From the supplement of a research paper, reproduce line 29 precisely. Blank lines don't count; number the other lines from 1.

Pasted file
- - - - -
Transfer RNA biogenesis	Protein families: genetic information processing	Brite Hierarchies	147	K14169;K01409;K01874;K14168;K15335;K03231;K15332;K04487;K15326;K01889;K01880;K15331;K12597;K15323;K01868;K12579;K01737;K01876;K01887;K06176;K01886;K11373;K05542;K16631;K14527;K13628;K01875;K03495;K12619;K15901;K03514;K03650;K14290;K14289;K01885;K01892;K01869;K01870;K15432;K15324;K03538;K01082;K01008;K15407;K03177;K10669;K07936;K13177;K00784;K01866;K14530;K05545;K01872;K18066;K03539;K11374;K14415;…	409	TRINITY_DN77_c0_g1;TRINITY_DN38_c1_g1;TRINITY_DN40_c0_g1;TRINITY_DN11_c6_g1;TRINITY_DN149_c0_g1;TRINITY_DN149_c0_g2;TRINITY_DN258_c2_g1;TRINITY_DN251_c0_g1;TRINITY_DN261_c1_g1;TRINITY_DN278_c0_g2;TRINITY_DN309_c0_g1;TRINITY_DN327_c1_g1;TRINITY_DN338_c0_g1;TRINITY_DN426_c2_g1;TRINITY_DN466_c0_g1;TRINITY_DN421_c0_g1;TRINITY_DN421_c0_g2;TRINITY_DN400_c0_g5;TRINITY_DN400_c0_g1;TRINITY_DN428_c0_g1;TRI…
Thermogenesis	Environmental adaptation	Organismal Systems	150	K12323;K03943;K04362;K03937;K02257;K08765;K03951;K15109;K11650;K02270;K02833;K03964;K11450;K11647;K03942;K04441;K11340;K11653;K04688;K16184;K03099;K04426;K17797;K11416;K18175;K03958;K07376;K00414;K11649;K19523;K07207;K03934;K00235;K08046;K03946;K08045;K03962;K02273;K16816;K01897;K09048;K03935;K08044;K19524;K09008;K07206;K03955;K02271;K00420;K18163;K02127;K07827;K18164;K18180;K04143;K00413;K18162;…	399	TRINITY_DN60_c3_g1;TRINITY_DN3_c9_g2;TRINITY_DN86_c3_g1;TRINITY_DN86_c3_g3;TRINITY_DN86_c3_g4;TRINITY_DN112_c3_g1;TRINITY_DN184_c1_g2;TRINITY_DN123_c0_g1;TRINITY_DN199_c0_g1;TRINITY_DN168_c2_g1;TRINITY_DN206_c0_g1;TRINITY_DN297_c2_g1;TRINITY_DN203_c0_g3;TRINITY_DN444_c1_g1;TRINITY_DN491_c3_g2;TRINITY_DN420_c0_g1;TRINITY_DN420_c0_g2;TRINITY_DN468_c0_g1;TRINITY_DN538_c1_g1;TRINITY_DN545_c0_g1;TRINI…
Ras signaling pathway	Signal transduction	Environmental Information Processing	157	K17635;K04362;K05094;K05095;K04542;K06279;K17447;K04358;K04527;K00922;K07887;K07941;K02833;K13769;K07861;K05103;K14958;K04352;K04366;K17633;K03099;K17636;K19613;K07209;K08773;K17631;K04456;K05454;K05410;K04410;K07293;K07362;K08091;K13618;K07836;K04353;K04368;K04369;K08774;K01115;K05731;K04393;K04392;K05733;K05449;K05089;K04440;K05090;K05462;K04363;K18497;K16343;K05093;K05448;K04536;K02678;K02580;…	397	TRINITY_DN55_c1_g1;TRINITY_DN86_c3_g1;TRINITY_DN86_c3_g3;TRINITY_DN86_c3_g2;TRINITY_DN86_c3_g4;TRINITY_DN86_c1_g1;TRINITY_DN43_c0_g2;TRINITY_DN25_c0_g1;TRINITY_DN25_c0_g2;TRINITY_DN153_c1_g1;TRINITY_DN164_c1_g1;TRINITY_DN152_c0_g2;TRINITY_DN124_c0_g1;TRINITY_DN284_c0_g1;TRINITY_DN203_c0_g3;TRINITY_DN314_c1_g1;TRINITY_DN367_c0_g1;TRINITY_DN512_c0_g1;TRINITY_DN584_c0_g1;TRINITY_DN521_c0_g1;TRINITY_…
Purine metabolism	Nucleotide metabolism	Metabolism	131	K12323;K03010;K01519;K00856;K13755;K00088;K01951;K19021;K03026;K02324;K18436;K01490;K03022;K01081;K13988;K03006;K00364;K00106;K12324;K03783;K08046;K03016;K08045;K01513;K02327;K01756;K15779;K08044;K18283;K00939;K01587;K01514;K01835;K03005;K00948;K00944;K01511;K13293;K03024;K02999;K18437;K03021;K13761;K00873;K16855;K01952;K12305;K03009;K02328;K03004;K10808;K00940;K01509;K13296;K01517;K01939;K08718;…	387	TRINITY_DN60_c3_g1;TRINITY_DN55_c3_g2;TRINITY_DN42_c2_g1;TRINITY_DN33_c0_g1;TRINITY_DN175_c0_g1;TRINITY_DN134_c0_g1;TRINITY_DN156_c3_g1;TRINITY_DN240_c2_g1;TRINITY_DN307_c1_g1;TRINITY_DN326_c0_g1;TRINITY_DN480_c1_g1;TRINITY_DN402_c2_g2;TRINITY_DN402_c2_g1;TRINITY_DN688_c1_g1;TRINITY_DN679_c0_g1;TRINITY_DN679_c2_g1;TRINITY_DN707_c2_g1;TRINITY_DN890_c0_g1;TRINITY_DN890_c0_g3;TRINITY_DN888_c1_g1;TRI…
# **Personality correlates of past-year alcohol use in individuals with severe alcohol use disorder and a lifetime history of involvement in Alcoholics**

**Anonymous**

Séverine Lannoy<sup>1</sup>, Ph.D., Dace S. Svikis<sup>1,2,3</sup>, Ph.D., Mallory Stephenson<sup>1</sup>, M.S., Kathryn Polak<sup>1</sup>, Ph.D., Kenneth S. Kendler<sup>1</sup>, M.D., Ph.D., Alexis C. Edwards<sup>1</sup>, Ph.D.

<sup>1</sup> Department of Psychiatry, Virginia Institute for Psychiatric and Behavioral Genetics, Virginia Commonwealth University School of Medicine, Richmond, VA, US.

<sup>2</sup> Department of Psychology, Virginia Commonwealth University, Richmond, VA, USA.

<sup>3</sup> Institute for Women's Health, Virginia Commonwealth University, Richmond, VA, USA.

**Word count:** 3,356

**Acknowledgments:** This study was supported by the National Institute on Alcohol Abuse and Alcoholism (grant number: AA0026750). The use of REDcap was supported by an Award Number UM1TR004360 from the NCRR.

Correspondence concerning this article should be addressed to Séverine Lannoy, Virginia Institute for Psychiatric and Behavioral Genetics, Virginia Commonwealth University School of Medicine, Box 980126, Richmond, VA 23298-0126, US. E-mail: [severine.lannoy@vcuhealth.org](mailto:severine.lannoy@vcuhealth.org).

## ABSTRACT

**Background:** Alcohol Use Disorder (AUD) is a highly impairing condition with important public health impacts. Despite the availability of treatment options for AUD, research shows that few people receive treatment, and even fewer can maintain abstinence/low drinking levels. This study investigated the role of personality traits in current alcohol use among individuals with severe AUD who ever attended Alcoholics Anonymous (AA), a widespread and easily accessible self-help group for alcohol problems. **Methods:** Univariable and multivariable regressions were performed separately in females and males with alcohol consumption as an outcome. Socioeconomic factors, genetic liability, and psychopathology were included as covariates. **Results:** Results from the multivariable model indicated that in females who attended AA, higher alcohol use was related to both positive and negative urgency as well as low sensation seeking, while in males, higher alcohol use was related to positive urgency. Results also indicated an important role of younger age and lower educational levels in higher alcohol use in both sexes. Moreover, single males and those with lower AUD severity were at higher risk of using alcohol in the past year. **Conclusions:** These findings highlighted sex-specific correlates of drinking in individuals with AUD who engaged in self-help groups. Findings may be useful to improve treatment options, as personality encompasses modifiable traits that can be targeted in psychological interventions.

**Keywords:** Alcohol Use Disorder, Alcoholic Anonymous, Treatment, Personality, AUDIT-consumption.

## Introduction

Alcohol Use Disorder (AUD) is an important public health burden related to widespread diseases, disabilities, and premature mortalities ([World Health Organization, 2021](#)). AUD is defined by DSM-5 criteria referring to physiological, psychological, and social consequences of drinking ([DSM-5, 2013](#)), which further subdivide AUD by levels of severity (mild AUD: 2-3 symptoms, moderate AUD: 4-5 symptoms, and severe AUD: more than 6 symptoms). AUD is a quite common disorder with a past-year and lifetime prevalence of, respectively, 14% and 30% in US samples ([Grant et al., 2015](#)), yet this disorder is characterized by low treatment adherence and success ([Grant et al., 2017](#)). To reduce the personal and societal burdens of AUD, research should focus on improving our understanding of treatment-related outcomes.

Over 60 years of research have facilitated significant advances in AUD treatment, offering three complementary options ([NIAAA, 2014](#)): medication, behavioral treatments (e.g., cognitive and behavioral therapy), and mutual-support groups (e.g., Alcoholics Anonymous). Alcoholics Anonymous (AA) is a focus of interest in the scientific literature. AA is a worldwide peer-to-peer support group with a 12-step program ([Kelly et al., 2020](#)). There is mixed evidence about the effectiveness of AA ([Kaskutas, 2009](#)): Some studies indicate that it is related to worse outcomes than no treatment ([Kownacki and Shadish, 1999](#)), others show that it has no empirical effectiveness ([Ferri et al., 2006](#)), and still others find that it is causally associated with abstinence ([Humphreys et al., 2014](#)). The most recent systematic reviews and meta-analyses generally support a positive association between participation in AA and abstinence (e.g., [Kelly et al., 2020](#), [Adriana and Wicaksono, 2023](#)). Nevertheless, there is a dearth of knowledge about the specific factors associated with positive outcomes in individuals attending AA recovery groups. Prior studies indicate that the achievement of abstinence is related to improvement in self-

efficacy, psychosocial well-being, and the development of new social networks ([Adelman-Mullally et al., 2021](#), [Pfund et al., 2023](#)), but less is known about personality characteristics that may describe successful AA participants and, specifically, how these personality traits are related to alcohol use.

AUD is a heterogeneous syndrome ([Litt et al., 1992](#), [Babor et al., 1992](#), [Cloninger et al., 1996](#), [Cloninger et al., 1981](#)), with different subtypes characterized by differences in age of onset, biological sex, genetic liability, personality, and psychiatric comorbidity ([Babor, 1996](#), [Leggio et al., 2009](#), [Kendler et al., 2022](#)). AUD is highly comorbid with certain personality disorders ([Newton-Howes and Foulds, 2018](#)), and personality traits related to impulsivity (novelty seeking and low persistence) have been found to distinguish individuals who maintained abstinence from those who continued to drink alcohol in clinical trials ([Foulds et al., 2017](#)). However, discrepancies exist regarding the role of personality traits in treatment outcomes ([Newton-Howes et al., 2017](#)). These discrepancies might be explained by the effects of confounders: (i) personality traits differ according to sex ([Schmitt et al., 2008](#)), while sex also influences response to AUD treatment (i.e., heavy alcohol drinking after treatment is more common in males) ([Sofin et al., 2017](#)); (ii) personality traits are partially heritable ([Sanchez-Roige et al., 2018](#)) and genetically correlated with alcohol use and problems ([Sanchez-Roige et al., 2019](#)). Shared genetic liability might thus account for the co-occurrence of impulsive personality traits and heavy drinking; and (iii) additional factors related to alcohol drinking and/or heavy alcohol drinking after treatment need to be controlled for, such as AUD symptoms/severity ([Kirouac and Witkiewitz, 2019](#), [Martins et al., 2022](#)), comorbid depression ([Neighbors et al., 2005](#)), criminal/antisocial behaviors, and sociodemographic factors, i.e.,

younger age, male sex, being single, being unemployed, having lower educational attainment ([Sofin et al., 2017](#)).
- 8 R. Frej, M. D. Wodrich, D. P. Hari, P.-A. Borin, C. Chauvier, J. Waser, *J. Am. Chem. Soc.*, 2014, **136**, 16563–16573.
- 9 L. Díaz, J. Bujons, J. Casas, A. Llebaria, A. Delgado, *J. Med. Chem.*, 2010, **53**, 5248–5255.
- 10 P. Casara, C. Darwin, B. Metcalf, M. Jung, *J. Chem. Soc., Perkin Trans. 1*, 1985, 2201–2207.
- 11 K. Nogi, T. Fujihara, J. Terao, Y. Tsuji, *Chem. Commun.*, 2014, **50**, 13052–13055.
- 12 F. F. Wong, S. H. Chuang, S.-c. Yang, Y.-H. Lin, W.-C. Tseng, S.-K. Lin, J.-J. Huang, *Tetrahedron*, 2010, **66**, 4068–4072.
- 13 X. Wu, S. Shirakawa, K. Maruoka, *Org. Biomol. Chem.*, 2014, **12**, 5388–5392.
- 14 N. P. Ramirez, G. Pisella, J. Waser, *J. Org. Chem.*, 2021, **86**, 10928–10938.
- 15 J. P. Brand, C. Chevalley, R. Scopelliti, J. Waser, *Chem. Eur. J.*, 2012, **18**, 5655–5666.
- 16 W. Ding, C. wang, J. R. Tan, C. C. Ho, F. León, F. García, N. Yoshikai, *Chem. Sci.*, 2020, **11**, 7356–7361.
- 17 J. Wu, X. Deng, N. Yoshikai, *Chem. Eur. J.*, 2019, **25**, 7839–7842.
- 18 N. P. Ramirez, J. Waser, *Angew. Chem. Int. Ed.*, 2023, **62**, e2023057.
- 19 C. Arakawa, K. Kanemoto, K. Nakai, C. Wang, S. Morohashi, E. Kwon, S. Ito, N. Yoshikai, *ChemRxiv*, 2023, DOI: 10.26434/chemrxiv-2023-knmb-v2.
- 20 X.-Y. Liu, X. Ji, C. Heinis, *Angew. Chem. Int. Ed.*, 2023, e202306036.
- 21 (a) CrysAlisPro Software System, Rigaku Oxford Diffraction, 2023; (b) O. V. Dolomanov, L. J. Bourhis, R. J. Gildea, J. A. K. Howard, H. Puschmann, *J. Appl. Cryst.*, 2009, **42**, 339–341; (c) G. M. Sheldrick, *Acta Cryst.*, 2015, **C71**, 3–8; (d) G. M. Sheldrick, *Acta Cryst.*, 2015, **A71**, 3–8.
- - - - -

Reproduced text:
- 14 N. P. Ramirez, G. Pisella, J. Waser, *J. Org. Chem.*, 2021, **86**, 10928–10938.